Project Abstract

ERC Starting Grant Project

Link to Research Proposal Summary Document







Project Title

Participation and Representation in the Digital Age (PRD):

Participation Repertoires in an Era of Unequal Representation

Principal Investigator (PI)

Jennifer Oser

Planned Project Duration

2023-2028 (60 months)

Application submitted January 2022 and awarded November 2022

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Project Abstract

This project addresses the question of how people incorporate increasingly prevalent nonelectoral political acts into individual-level repertoires of participation; and how well represented these different types of political participators are. At a time of growing concern about unequal representation in democracies, two conflicting global trends over the last several decades highlight the importance of these questions: a clear decline in voter turnout, especially among lower status groups; and evidence of increased nonelectoral participation, especially among higher status groups. To assess how these trends in political participation affect patterns of representation, PRD’s theoretical framework integrates new approaches for investigating the links between individuals’ participation repertoires (i.e., how individuals combine voting, protest, online activism) and objective and subjective representational outcomes.

PRD’s work packages employ a multi-method approach: “Political acts and political participators” (WP1) analyzes separate surveys and a harmonized dataset and includes methodological innovations using new techniques for identifying participation repertoires. “Participation-representation connection” (WP2) investigates the connections between the political acts and political participators analyzed in WP1 and representational outcomes, and integrates these findings with qualitative fieldwork with activists who focus on unequal representation. Finally, “Mobilizing and organizing low-status groups” (WP3) conducts novel experimental studies using Twitter panel data and field experiments to identify interventions with the potential to produce more equal representational outcomes in the future. By combining an original theoretical framework and methodological innovations, PRD will conduct a uniquely comprehensive empirical investigation of participation repertoires, with a focus on mechanisms that can reduce inequalities in participation and representation.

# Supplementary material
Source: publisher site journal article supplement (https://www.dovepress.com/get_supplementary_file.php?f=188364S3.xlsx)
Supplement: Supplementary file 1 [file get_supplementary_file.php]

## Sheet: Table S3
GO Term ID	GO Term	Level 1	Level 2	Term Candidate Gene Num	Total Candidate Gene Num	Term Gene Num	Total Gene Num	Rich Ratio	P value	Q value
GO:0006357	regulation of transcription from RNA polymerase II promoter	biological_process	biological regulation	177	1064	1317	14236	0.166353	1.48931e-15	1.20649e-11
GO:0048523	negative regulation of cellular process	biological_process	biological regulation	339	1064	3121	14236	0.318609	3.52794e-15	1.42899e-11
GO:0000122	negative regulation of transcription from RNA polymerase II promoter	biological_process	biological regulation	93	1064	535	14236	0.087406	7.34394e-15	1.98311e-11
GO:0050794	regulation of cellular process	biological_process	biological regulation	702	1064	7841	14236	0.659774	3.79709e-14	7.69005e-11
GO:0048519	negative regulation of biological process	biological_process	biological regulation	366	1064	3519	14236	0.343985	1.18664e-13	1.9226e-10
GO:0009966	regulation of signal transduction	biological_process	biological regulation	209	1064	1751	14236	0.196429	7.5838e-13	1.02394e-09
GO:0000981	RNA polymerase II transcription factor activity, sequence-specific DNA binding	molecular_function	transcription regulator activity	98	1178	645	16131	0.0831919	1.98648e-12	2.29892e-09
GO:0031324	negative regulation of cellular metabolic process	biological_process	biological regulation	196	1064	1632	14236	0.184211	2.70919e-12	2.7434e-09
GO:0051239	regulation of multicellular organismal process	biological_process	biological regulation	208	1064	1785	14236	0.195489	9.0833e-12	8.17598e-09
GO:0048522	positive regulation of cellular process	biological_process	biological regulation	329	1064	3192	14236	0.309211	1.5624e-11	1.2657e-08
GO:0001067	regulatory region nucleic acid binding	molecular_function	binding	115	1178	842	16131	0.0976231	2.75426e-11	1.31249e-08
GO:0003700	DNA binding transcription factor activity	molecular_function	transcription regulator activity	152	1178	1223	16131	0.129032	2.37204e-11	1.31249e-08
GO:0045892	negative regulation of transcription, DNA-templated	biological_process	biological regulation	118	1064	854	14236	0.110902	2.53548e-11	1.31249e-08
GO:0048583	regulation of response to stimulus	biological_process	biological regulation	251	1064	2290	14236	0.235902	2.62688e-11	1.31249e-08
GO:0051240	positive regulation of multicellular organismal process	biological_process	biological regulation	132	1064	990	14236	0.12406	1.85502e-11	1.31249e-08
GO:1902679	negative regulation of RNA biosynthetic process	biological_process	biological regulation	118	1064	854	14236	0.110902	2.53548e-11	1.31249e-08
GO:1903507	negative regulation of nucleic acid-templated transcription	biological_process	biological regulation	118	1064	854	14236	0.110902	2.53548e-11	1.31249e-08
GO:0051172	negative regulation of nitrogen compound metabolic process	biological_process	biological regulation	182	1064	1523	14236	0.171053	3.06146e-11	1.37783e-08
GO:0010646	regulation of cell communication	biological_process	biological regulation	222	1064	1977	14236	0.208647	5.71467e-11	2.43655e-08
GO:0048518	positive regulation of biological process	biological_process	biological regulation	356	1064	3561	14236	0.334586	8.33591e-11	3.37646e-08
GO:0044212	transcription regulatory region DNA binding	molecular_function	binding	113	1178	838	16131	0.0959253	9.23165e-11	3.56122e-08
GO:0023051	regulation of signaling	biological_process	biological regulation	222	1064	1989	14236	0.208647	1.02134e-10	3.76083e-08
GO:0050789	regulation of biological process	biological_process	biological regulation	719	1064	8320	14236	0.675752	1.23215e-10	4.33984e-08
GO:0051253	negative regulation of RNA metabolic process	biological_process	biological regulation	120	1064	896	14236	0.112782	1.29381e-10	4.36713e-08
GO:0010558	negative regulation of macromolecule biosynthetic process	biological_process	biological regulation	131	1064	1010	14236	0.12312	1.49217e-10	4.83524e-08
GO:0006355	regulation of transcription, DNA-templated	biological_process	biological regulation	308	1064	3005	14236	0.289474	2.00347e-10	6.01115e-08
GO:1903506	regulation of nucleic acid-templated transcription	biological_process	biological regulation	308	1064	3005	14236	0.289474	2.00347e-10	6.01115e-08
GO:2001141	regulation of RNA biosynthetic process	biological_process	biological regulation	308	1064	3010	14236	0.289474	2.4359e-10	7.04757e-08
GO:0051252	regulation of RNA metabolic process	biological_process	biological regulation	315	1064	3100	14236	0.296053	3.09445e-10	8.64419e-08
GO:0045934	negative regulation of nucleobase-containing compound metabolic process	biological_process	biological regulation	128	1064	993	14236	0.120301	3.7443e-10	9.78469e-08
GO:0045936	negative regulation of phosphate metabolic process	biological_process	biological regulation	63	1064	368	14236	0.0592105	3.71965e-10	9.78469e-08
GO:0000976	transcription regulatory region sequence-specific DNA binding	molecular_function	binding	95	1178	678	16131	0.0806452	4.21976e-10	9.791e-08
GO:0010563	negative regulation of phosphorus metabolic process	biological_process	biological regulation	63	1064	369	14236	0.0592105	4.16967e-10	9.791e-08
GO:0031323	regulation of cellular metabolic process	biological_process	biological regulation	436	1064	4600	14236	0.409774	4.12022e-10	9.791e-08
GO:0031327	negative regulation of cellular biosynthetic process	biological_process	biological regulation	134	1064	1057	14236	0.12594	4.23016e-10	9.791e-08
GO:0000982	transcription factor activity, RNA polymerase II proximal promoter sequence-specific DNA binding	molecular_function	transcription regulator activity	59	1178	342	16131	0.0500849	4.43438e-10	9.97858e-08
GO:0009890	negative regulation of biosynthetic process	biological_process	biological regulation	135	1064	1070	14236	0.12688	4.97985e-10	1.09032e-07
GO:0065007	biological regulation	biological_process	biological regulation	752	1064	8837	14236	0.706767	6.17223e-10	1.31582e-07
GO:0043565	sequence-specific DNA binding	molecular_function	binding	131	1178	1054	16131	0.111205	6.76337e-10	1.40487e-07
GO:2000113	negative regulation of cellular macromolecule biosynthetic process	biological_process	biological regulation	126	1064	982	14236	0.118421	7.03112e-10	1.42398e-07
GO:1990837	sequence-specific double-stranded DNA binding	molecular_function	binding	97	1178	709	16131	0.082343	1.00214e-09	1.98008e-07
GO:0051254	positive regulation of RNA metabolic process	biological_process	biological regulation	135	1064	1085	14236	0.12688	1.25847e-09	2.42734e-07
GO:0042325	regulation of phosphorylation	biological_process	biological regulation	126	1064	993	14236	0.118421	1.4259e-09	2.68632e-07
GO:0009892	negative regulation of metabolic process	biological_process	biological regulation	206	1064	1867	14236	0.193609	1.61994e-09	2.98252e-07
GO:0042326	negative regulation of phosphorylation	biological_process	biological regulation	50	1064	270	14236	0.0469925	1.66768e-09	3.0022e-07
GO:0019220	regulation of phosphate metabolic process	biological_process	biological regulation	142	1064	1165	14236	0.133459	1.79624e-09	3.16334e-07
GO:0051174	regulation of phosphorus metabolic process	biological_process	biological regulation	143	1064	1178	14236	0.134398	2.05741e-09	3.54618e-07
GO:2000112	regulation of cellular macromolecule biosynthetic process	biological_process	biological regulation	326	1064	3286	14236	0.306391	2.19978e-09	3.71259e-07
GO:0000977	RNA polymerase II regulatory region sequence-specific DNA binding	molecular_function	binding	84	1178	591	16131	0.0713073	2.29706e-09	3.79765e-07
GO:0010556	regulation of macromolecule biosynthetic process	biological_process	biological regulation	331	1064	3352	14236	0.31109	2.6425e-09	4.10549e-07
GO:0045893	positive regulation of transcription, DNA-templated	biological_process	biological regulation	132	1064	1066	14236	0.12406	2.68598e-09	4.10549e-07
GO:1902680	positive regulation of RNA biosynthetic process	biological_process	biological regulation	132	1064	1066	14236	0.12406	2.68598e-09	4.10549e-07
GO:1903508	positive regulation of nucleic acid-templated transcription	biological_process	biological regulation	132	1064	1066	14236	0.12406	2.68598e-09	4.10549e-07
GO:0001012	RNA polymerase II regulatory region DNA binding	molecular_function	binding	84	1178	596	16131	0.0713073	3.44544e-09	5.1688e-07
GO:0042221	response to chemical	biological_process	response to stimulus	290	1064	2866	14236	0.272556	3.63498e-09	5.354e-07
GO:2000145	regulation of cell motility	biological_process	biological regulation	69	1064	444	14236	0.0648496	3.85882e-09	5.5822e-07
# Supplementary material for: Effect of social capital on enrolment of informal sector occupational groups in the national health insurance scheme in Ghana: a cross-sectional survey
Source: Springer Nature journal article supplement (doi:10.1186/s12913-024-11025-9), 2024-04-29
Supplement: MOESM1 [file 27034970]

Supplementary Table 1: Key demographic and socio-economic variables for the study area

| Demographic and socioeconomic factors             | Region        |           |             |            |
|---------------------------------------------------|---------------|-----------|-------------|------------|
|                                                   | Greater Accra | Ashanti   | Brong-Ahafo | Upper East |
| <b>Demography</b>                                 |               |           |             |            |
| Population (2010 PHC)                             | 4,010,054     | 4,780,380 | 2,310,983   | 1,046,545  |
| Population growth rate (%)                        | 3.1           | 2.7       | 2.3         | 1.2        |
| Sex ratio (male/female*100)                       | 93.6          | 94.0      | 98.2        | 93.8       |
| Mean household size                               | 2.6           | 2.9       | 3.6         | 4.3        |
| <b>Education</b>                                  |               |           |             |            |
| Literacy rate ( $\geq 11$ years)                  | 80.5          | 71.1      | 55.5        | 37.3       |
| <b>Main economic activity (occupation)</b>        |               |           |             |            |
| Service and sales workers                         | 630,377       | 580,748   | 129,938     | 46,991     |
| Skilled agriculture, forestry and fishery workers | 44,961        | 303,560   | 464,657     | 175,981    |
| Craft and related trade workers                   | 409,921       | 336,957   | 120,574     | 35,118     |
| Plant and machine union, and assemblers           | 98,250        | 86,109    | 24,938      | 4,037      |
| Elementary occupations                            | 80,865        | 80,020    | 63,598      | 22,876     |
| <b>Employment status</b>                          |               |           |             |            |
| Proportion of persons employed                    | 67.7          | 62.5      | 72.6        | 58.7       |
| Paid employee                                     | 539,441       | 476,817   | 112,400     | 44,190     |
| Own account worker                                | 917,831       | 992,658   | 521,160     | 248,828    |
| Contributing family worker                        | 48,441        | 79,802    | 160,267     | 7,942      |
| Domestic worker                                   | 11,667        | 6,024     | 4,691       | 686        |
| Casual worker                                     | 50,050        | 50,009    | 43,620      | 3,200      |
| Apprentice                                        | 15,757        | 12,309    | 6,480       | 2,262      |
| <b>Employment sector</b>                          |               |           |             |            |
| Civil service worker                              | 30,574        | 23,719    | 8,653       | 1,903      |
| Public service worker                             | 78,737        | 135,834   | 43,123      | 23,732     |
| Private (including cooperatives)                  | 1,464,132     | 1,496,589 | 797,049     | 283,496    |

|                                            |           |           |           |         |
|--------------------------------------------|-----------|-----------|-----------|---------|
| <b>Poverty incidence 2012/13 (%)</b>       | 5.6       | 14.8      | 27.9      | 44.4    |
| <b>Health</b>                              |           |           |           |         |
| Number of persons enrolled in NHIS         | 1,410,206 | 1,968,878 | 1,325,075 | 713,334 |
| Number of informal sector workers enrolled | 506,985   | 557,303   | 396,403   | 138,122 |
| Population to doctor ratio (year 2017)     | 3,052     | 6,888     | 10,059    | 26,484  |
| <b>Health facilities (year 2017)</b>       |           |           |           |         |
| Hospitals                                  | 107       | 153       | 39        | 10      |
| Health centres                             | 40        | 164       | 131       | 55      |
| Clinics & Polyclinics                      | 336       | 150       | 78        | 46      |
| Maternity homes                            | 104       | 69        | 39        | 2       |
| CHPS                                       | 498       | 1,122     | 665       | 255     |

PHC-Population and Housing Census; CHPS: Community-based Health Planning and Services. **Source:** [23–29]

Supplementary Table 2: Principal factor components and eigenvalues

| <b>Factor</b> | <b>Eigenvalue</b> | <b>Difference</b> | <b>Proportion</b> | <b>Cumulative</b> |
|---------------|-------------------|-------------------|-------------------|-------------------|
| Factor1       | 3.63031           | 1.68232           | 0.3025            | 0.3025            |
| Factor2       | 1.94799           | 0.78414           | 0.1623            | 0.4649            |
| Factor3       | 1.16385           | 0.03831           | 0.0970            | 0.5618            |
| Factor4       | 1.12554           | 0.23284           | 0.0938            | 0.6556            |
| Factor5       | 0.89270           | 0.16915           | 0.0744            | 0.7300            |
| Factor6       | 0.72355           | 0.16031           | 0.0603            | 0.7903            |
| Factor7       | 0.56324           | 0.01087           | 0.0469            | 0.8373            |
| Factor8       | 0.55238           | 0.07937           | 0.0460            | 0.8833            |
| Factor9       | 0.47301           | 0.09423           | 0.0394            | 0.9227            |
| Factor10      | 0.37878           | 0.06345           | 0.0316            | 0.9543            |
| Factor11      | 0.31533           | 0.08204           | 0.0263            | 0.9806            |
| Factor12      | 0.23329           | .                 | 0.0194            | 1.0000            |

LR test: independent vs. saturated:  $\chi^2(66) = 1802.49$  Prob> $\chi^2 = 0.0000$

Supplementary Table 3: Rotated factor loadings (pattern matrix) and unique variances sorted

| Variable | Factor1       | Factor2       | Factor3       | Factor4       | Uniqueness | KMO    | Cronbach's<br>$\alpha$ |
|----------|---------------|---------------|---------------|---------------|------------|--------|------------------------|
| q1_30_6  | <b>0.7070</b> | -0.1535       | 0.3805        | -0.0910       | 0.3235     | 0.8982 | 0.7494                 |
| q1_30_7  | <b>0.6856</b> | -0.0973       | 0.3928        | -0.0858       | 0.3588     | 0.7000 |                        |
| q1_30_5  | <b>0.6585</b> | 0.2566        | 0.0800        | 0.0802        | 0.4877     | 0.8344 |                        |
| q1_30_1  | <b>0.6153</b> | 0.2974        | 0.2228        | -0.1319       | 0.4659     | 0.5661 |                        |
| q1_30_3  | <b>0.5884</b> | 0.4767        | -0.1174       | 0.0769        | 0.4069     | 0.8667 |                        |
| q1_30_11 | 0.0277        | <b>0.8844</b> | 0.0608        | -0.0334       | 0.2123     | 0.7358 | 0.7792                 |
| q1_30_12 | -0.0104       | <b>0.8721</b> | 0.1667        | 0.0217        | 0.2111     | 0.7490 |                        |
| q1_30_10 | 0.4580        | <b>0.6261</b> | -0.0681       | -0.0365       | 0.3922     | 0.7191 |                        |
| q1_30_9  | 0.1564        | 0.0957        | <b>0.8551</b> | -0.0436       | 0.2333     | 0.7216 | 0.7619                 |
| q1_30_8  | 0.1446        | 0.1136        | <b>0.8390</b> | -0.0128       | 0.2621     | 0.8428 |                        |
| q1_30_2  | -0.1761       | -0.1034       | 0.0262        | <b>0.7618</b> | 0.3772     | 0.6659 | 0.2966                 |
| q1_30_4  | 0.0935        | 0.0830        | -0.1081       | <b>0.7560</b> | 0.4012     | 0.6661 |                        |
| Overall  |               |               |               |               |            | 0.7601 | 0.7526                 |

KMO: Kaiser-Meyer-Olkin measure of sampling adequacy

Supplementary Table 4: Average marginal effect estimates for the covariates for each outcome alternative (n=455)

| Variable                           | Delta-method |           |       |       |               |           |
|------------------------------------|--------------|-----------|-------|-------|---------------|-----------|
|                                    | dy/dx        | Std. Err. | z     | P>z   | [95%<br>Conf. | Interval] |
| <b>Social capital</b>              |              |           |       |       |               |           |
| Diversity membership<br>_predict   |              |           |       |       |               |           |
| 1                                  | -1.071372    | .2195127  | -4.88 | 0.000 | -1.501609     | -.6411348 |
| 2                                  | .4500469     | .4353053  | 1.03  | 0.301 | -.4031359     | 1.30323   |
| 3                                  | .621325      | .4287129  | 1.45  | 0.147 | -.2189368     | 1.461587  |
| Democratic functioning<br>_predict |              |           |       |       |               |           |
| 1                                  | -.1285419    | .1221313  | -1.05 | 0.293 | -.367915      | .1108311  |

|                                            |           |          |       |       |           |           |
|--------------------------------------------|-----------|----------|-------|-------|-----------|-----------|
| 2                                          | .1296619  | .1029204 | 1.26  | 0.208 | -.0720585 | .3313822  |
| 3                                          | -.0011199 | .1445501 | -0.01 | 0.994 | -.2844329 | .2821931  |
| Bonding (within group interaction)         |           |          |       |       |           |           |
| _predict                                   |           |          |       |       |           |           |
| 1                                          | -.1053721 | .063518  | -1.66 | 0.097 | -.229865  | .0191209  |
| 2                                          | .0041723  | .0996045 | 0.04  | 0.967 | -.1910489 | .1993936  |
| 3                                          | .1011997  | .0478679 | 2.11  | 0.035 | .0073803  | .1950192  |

PRD's International Expert Network
Colleagues who agreed by January 2022 to serve in an advisory role to PRD

With gratitude for generous responses of support in the holiday season of December 2021 during the Omicron wave: 

Stephen Ansolabahere (Harvard University), André Blais (University of Montreal), Russell Dalton (University of California, Irvine), Ruth Dassonneville (University of Montreal); Michael Delli Carpini (University of Pennsylvania), Joshua Dubrow (Polish Academy of Sciences), Aina Gallego (University of Barcelona), Markus Gangl (Goethe University Frankfurt am Main), Rachel Gibson (University of Manchester), Marco Giugni (University of Geneva), Maria Grasso (Queen Mary University of London), Hahrie Han (Johns Hopkins University), Marc Hooghe (University of Leuven), Swen Hutter (Freie Universität Berlin), Shiro Kuriwaki (Yale University), David Lazer (Northeastern University), Jan Leighley (American University), Noam Lupu (Vanderbilt University), Sofie Marien (Leuven University), Daniel Oberski (Utrecht University), Mikael Persson (University of Gothenburg), G. Bingham Powell (University of Rochester), Anne Rasmussen (University of Copenhagen), Brian Schaffner (Tufts University), Frederick Solt (University of Iowa), Yannis Theocharis (Technical University of Munich), Kateřina Vráblíková (University of Bath), Chris Wlezien (University of Texas at Austin), and SDR project PIs: J. Craig Jenkins (Ohio University), Irina Tomescu-Dubrow, and K. Slomczynski (Polish Academy of Sciences).